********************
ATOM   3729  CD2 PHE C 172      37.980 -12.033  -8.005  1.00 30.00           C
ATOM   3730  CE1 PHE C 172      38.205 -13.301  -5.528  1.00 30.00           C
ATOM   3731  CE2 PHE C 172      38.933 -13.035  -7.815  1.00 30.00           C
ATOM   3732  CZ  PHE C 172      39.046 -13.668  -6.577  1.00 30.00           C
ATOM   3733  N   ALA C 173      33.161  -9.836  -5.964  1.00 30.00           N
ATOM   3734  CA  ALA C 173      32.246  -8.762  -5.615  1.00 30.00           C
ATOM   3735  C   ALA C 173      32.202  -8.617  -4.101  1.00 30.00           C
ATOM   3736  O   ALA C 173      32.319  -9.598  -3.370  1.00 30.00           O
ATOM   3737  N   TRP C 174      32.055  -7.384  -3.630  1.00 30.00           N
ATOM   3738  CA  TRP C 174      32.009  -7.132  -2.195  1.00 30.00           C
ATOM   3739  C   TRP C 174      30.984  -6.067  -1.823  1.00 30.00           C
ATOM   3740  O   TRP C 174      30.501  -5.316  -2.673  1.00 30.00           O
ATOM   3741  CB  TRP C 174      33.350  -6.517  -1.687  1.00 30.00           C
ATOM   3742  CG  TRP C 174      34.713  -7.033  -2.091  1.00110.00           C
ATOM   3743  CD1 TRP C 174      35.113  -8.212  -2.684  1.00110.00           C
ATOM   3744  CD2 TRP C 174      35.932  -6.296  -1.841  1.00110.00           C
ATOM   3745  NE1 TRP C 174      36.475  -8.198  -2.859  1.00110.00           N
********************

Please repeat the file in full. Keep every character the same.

ATOM   3729  CD2 PHE C 172      37.980 -12.033  -8.005  1.00 30.00           C
ATOM   3730  CE1 PHE C 172      38.205 -13.301  -5.528  1.00 30.00           C
ATOM   3731  CE2 PHE C 172      38.933 -13.035  -7.815  1.00 30.00           C
ATOM   3732  CZ  PHE C 172      39.046 -13.668  -6.577  1.00 30.00           C
ATOM   3733  N   ALA C 173      33.161  -9.836  -5.964  1.00 30.00           N
ATOM   3734  CA  ALA C 173      32.246  -8.762  -5.615  1.00 30.00           C
ATOM   3735  C   ALA C 173      32.202  -8.617  -4.101  1.00 30.00           C
ATOM   3736  O   ALA C 173      32.319  -9.598  -3.370  1.00 30.00           O
ATOM   3737  N   TRP C 174      32.055  -7.384  -3.630  1.00 30.00           N
ATOM   3738  CA  TRP C 174      32.009  -7.132  -2.195  1.00 30.00           C
ATOM   3739  C   TRP C 174      30.984  -6.067  -1.823  1.00 30.00           C
ATOM   3740  O   TRP C 174      30.501  -5.316  -2.673  1.00 30.00           O
ATOM   3741  CB  TRP C 174      33.350  -6.517  -1.687  1.00 30.00           C
ATOM   3742  CG  TRP C 174      34.713  -7.033  -2.091  1.00110.00           C
ATOM   3743  CD1 TRP C 174      35.113  -8.212  -2.684  1.00110.00           C
ATOM   3744  CD2 TRP C 174      35.932  -6.296  -1.841  1.00110.00           C
ATOM   3745  NE1 TRP C 174      36.475  -8.198  -2.859  1.00110.00           N